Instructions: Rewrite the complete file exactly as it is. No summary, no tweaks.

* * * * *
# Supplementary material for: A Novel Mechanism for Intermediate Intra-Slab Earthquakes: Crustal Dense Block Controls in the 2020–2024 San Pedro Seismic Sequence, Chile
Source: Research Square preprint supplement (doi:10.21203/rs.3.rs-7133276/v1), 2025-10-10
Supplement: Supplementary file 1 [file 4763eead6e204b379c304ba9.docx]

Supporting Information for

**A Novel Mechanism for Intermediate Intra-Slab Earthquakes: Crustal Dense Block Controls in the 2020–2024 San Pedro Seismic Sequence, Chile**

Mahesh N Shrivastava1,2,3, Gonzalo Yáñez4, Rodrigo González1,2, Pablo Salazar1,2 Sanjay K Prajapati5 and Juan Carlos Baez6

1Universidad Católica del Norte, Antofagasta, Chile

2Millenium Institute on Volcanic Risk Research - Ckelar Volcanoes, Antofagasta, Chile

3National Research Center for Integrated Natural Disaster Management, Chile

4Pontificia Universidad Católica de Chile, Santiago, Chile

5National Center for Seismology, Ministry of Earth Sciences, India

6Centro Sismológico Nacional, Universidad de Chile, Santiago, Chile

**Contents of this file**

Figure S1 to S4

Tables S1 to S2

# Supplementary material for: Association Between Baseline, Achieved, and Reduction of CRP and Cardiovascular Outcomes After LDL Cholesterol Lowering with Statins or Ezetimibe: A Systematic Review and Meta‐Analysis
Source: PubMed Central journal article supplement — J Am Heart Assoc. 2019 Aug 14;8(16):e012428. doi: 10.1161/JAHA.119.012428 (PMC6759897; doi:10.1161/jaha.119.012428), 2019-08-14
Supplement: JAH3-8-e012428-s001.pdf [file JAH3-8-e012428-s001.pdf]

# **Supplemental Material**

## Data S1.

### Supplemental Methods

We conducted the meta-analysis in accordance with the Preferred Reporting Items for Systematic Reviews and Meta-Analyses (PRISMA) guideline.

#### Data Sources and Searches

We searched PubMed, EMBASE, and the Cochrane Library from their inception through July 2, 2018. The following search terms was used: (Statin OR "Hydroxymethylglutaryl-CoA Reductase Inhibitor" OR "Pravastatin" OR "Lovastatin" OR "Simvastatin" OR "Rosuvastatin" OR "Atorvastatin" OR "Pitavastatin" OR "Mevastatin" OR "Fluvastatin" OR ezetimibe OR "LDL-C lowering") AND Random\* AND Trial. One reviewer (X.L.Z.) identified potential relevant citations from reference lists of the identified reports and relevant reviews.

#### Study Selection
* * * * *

# Supplementary material for: A Novel Mechanism for Intermediate Intra-Slab Earthquakes: Crustal Dense Block Controls in the 2020–2024 San Pedro Seismic Sequence, Chile
Source: Research Square preprint supplement (doi:10.21203/rs.3.rs-7133276/v1), 2025-10-10
Supplement: Supplementary file 1 [file 4763eead6e204b379c304ba9.docx]

Supporting Information for

**A Novel Mechanism for Intermediate Intra-Slab Earthquakes: Crustal Dense Block Controls in the 2020–2024 San Pedro Seismic Sequence, Chile**

Mahesh N Shrivastava1,2,3, Gonzalo Yáñez4, Rodrigo González1,2, Pablo Salazar1,2 Sanjay K Prajapati5 and Juan Carlos Baez6

1Universidad Católica del Norte, Antofagasta, Chile

2Millenium Institute on Volcanic Risk Research - Ckelar Volcanoes, Antofagasta, Chile

3National Research Center for Integrated Natural Disaster Management, Chile

4Pontificia Universidad Católica de Chile, Santiago, Chile

5National Center for Seismology, Ministry of Earth Sciences, India

6Centro Sismológico Nacional, Universidad de Chile, Santiago, Chile

**Contents of this file**

Figure S1 to S4

Tables S1 to S2

# Supplementary material for: Association Between Baseline, Achieved, and Reduction of CRP and Cardiovascular Outcomes After LDL Cholesterol Lowering with Statins or Ezetimibe: A Systematic Review and Meta‐Analysis
Source: PubMed Central journal article supplement — J Am Heart Assoc. 2019 Aug 14;8(16):e012428. doi: 10.1161/JAHA.119.012428 (PMC6759897; doi:10.1161/jaha.119.012428), 2019-08-14
Supplement: JAH3-8-e012428-s001.pdf [file JAH3-8-e012428-s001.pdf]

# **Supplemental Material**

## Data S1.

### Supplemental Methods

We conducted the meta-analysis in accordance with the Preferred Reporting Items for Systematic Reviews and Meta-Analyses (PRISMA) guideline.

#### Data Sources and Searches

We searched PubMed, EMBASE, and the Cochrane Library from their inception through July 2, 2018. The following search terms was used: (Statin OR "Hydroxymethylglutaryl-CoA Reductase Inhibitor" OR "Pravastatin" OR "Lovastatin" OR "Simvastatin" OR "Rosuvastatin" OR "Atorvastatin" OR "Pitavastatin" OR "Mevastatin" OR "Fluvastatin" OR ezetimibe OR "LDL-C lowering") AND Random\* AND Trial. One reviewer (X.L.Z.) identified potential relevant citations from reference lists of the identified reports and relevant reviews.

#### Study Selection